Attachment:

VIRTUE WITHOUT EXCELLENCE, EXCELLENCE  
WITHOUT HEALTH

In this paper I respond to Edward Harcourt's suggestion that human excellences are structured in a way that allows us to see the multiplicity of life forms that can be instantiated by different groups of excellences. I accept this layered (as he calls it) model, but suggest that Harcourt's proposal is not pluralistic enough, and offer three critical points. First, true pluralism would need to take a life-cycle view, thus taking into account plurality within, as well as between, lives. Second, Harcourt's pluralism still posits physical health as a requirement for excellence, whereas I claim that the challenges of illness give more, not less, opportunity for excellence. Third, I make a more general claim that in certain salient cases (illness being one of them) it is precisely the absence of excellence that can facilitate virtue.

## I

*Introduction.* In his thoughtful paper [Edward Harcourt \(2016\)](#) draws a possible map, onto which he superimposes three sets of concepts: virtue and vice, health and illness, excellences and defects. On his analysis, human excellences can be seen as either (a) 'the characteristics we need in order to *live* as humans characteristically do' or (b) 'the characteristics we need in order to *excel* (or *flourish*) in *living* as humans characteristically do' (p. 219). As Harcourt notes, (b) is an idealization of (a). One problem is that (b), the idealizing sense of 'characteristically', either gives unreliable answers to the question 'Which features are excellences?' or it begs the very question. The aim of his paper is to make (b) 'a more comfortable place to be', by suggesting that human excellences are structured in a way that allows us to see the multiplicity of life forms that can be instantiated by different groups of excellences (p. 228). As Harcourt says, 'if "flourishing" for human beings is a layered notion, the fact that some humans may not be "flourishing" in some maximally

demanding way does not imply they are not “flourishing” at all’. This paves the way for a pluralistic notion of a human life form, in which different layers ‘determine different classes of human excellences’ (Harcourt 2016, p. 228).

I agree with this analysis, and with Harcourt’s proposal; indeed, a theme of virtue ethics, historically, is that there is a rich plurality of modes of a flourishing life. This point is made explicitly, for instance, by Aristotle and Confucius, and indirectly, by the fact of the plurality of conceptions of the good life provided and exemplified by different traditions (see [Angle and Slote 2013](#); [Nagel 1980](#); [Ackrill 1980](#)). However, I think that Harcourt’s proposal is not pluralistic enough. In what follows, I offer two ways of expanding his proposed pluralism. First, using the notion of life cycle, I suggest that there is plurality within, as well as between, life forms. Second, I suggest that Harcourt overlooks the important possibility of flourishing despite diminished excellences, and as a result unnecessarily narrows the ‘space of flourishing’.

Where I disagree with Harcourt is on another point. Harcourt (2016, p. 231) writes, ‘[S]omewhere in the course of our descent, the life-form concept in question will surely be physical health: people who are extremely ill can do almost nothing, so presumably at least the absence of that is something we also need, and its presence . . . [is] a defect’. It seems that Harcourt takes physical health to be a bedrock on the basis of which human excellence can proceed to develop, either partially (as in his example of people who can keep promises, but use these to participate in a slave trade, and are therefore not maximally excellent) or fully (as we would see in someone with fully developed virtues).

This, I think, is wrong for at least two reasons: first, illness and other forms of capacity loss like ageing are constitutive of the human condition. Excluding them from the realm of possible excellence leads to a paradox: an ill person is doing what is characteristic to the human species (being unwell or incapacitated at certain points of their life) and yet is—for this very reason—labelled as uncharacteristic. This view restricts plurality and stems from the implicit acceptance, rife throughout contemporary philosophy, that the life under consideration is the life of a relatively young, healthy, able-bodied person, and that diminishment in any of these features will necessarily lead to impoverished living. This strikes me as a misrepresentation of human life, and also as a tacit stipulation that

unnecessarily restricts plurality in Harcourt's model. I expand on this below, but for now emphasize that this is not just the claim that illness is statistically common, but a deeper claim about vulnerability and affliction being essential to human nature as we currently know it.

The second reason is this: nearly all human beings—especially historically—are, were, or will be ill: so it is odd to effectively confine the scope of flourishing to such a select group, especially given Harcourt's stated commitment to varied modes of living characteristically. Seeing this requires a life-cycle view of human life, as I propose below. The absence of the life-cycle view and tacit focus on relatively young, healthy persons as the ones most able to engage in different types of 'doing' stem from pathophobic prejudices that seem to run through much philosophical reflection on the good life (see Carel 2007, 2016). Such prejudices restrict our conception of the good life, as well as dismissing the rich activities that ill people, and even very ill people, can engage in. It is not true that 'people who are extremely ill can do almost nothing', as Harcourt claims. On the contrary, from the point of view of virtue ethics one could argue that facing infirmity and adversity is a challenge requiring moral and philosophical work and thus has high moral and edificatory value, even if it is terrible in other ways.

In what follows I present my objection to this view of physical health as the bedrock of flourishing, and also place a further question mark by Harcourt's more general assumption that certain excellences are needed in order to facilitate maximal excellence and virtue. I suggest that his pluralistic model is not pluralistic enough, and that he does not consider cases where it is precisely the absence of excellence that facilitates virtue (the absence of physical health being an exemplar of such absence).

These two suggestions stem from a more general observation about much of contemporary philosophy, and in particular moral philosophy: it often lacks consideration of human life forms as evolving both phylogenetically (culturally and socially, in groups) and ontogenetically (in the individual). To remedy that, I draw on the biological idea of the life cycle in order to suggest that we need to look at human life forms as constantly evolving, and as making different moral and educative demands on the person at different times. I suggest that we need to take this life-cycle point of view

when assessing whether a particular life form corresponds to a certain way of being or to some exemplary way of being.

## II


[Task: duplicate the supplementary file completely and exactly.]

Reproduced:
VIRTUE WITHOUT EXCELLENCE, EXCELLENCE  
WITHOUT HEALTH

In this paper I respond to Edward Harcourt's suggestion that human excellences are structured in a way that allows us to see the multiplicity of life forms that can be instantiated by different groups of excellences. I accept this layered (as he calls it) model, but suggest that Harcourt's proposal is not pluralistic enough, and offer three critical points. First, true pluralism would need to take a life-cycle view, thus taking into account plurality within, as well as between, lives. Second, Harcourt's pluralism still posits physical health as a requirement for excellence, whereas I claim that the challenges of illness give more, not less, opportunity for excellence. Third, I make a more general claim that in certain salient cases (illness being one of them) it is precisely the absence of excellence that can facilitate virtue.

## I

*Introduction.* In his thoughtful paper [Edward Harcourt \(2016\)](#) draws a possible map, onto which he superimposes three sets of concepts: virtue and vice, health and illness, excellences and defects. On his analysis, human excellences can be seen as either (a) 'the characteristics we need in order to *live* as humans characteristically do' or (b) 'the characteristics we need in order to *excel* (or *flourish*) in *living* as humans characteristically do' (p. 219). As Harcourt notes, (b) is an idealization of (a). One problem is that (b), the idealizing sense of 'characteristically', either gives unreliable answers to the question 'Which features are excellences?' or it begs the very question. The aim of his paper is to make (b) 'a more comfortable place to be', by suggesting that human excellences are structured in a way that allows us to see the multiplicity of life forms that can be instantiated by different groups of excellences (p. 228). As Harcourt says, 'if "flourishing" for human beings is a layered notion, the fact that some humans may not be "flourishing" in some maximally

demanding way does not imply they are not “flourishing” at all’. This paves the way for a pluralistic notion of a human life form, in which different layers ‘determine different classes of human excellences’ (Harcourt 2016, p. 228).

I agree with this analysis, and with Harcourt’s proposal; indeed, a theme of virtue ethics, historically, is that there is a rich plurality of modes of a flourishing life. This point is made explicitly, for instance, by Aristotle and Confucius, and indirectly, by the fact of the plurality of conceptions of the good life provided and exemplified by different traditions (see [Angle and Slote 2013](#); [Nagel 1980](#); [Ackrill 1980](#)). However, I think that Harcourt’s proposal is not pluralistic enough. In what follows, I offer two ways of expanding his proposed pluralism. First, using the notion of life cycle, I suggest that there is plurality within, as well as between, life forms. Second, I suggest that Harcourt overlooks the important possibility of flourishing despite diminished excellences, and as a result unnecessarily narrows the ‘space of flourishing’.

Where I disagree with Harcourt is on another point. Harcourt (2016, p. 231) writes, ‘[S]omewhere in the course of our descent, the life-form concept in question will surely be physical health: people who are extremely ill can do almost nothing, so presumably at least the absence of that is something we also need, and its presence . . . [is] a defect’. It seems that Harcourt takes physical health to be a bedrock on the basis of which human excellence can proceed to develop, either partially (as in his example of people who can keep promises, but use these to participate in a slave trade, and are therefore not maximally excellent) or fully (as we would see in someone with fully developed virtues).

This, I think, is wrong for at least two reasons: first, illness and other forms of capacity loss like ageing are constitutive of the human condition. Excluding them from the realm of possible excellence leads to a paradox: an ill person is doing what is characteristic to the human species (being unwell or incapacitated at certain points of their life) and yet is—for this very reason—labelled as uncharacteristic. This view restricts plurality and stems from the implicit acceptance, rife throughout contemporary philosophy, that the life under consideration is the life of a relatively young, healthy, able-bodied person, and that diminishment in any of these features will necessarily lead to impoverished living. This strikes me as a misrepresentation of human life, and also as a tacit stipulation that

unnecessarily restricts plurality in Harcourt's model. I expand on this below, but for now emphasize that this is not just the claim that illness is statistically common, but a deeper claim about vulnerability and affliction being essential to human nature as we currently know it.

The second reason is this: nearly all human beings—especially historically—are, were, or will be ill: so it is odd to effectively confine the scope of flourishing to such a select group, especially given Harcourt's stated commitment to varied modes of living characteristically. Seeing this requires a life-cycle view of human life, as I propose below. The absence of the life-cycle view and tacit focus on relatively young, healthy persons as the ones most able to engage in different types of 'doing' stem from pathophobic prejudices that seem to run through much philosophical reflection on the good life (see Carel 2007, 2016). Such prejudices restrict our conception of the good life, as well as dismissing the rich activities that ill people, and even very ill people, can engage in. It is not true that 'people who are extremely ill can do almost nothing', as Harcourt claims. On the contrary, from the point of view of virtue ethics one could argue that facing infirmity and adversity is a challenge requiring moral and philosophical work and thus has high moral and edificatory value, even if it is terrible in other ways.

In what follows I present my objection to this view of physical health as the bedrock of flourishing, and also place a further question mark by Harcourt's more general assumption that certain excellences are needed in order to facilitate maximal excellence and virtue. I suggest that his pluralistic model is not pluralistic enough, and that he does not consider cases where it is precisely the absence of excellence that facilitates virtue (the absence of physical health being an exemplar of such absence).

These two suggestions stem from a more general observation about much of contemporary philosophy, and in particular moral philosophy: it often lacks consideration of human life forms as evolving both phylogenetically (culturally and socially, in groups) and ontogenetically (in the individual). To remedy that, I draw on the biological idea of the life cycle in order to suggest that we need to look at human life forms as constantly evolving, and as making different moral and educative demands on the person at different times. I suggest that we need to take this life-cycle point of view

when assessing whether a particular life form corresponds to a certain way of being or to some exemplary way of being.

## II